Kerry is losing this election, and losing it badly, and the Dems know it. They needed a way to get him out of the race, to be replaced by a candidate with a better chance of winning. The problem is there's no way for him to drop out now. Not only would they have to concede that the Democrats are in big trouble, (not a possibility) but there would be major legal obstacles, including problems getting on all the ballots if they replace a candidate following the convention.

And so, a scheme was born. Clumsily forged documents would be released by the Kerry campaign to the media, creating a scandal designed to rebound on Kerry. Dan Rather, already planning his retirement, played the part of the sacrificial lamb in this scenario, giving up a short piece of his career for the good of the Democratic Party. Kerry, more than likely, is completely ignorant of this plan, not realizing that he's about to be replaced on the Democratic ticket. He'll deny any wrongdoing, but will be 'persueded' by party members to step down as candidate. Then, a replacement candidate will be put on the ballot

So, who's the mastermind behind this Machiavellian machination? Do you think it's a coincidence that Clinton staffers have begun to take over the Kerry campaign? Is it a coincidence that James Carville is now an official advisor to the campaign? How long has he been giving unofficial advice? It seems very clear that the only mind subtle enough to be behind this whole shebang is none other than Old Serpent
Head himself. And if he's behind it all, can a Clinton be to far away?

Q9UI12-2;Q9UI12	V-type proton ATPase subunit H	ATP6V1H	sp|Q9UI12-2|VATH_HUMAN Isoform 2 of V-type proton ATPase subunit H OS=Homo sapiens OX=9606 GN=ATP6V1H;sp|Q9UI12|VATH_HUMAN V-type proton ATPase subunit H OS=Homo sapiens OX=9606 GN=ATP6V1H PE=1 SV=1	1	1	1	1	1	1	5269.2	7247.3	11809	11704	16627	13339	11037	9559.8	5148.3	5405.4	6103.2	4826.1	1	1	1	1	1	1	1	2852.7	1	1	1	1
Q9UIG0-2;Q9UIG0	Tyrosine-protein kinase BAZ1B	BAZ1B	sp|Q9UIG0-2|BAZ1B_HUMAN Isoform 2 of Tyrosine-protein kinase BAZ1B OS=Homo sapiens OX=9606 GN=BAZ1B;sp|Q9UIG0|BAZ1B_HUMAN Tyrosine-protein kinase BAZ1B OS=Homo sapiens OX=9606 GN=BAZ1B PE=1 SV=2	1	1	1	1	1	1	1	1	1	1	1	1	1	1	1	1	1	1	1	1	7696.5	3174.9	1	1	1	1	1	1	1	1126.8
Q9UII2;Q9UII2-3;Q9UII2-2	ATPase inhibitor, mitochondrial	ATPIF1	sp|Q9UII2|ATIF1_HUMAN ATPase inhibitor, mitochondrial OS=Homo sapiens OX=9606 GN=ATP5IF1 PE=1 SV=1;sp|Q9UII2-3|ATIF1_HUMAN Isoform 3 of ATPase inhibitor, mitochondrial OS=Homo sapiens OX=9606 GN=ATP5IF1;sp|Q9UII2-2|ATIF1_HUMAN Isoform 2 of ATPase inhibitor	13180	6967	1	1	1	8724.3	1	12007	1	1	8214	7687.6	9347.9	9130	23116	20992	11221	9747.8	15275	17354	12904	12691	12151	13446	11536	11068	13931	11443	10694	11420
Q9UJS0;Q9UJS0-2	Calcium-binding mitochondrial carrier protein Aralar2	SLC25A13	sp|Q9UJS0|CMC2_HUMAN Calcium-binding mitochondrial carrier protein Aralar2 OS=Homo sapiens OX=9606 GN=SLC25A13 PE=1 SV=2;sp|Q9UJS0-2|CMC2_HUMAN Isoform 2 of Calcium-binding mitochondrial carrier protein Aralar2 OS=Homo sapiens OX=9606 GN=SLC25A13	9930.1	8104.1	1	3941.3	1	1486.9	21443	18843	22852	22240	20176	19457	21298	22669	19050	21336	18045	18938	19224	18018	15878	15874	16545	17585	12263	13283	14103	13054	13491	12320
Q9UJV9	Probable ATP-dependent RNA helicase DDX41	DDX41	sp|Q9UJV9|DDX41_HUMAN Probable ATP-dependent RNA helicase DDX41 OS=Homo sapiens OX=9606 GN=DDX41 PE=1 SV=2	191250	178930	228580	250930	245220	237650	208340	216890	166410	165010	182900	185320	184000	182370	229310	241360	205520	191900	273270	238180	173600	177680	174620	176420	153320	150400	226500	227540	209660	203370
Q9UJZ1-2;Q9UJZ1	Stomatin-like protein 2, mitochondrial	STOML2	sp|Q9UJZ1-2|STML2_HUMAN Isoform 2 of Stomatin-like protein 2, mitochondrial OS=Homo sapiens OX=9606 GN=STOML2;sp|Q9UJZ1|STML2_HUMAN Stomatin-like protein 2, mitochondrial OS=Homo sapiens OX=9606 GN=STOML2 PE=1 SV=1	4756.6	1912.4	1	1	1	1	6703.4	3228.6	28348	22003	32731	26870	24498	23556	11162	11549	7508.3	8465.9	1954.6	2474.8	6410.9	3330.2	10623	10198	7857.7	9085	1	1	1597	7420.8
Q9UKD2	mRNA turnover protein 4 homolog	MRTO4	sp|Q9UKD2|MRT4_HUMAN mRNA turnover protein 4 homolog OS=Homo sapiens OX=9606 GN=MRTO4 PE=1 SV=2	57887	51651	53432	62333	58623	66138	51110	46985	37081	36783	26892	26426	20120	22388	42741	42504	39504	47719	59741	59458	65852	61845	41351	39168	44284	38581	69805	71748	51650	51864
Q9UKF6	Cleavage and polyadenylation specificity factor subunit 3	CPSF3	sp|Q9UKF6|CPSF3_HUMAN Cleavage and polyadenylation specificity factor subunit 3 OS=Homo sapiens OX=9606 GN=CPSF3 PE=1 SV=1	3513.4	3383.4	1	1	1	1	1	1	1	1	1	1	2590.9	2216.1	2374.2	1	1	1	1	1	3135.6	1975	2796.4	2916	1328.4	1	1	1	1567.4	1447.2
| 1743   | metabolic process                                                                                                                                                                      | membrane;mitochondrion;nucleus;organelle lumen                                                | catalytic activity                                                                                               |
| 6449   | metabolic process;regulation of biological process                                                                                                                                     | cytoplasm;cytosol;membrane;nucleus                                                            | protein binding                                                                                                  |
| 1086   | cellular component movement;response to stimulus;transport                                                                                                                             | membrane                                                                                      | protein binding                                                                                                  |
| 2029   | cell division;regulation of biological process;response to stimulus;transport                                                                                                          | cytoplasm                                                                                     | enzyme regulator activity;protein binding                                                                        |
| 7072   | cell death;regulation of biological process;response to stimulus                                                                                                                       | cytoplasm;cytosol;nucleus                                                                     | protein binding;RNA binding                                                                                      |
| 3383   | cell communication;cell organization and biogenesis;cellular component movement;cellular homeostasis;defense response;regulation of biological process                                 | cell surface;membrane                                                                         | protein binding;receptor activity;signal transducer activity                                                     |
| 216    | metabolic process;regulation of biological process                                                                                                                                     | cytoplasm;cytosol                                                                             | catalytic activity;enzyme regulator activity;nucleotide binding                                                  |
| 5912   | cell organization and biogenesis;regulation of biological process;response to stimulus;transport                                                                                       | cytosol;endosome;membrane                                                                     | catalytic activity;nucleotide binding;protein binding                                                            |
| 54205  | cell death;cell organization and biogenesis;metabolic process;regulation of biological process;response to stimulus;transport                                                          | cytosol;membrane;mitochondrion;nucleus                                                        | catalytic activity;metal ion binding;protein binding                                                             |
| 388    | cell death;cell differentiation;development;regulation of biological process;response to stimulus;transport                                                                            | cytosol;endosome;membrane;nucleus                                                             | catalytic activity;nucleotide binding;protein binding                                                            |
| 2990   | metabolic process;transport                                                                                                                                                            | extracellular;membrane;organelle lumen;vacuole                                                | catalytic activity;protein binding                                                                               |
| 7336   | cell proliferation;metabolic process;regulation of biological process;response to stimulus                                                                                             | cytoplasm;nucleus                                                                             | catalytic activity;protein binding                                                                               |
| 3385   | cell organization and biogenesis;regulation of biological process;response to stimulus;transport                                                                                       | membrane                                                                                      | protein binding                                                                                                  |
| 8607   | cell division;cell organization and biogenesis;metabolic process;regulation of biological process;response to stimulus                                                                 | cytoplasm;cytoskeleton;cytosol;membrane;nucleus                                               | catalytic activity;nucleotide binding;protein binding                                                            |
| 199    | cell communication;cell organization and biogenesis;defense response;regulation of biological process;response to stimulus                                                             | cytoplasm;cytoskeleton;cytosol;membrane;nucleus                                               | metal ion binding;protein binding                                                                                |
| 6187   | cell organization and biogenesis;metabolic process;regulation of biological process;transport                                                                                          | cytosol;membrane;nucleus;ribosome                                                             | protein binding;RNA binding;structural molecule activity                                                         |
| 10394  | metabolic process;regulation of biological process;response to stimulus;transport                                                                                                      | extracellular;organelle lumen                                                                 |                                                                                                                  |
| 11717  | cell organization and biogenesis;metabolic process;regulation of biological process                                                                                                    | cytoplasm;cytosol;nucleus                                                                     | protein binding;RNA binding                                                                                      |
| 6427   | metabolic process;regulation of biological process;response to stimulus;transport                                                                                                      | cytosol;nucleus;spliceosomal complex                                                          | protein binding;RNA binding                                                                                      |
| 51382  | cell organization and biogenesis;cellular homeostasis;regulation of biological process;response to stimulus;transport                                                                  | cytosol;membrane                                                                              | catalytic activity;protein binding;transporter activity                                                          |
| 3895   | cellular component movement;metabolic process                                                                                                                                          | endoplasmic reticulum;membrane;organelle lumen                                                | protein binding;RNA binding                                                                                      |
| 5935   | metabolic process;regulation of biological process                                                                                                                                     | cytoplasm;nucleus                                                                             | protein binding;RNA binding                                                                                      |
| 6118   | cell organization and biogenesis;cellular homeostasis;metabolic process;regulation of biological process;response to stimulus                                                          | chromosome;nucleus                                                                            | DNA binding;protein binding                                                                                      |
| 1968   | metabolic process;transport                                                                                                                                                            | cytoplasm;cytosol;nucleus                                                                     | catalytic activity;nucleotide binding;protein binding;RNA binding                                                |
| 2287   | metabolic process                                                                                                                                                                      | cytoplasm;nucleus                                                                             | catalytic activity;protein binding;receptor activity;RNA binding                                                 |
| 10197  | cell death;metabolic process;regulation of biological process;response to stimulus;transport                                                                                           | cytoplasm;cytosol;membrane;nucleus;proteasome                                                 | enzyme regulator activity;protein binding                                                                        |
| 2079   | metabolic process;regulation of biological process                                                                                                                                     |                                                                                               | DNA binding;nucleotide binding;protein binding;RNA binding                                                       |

Yes, folks, you heard it here first. This whole RatherGate scandal has been the first stage in Operation Hillary in 04.

Watch as the emphasis shifts from the media to the Kerry campaign.

Let's see Drudge top this one...

Posted by Rich
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Saturday, September 11, 2004

Never Forget Why We’re Fighting….

Last year, this was the best I could do.

It still is.



Posted by Rich
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Friday, September 10, 2004

Like I Said on Wednesday…

If you have to make stuff up to make your point, you're no longer dissenting, you're dividing.

The memos released to such fanfare on 60 Minutes the other day are fake. The fantastic claims they make, including political pressure to "sugarcoat" President Bush's Guard record are all lies. Dan Rather and CBS got taken in by a hoax.

Now, when that happens to a partisan blogger, it's understandable. He's predisposed to believe any story that fits in with his prejudices. We've seen it happen before (Remember the Bush IQ story from a research institute that didn't exist?), but CBS is supposedly a fair and unbiased news organization. They have no agenda other than getting out the news. They don't have the excuse of being blinded by ideology because, as they never tire of telling us, they are above all that.

Yet Rather was blindsided by a fake, and a rather poor fake at that. And CBS, rather than providing any defense of the documents' authenticity, has clammed up about the whole thing. Consider:
  • They will not reveal the source of the documents.
  • They will not provide the originals (or first copies, since apparently there are no originals. Curious, that. If these were memos-to-file, then why would there be copies in the first place?) for examination.
  • They will not provide the chain of custody.
  • They will not reveal the names of any of the people they interviewed that claimed the documents were valid. The only people who have gone on record have said the documents were faked.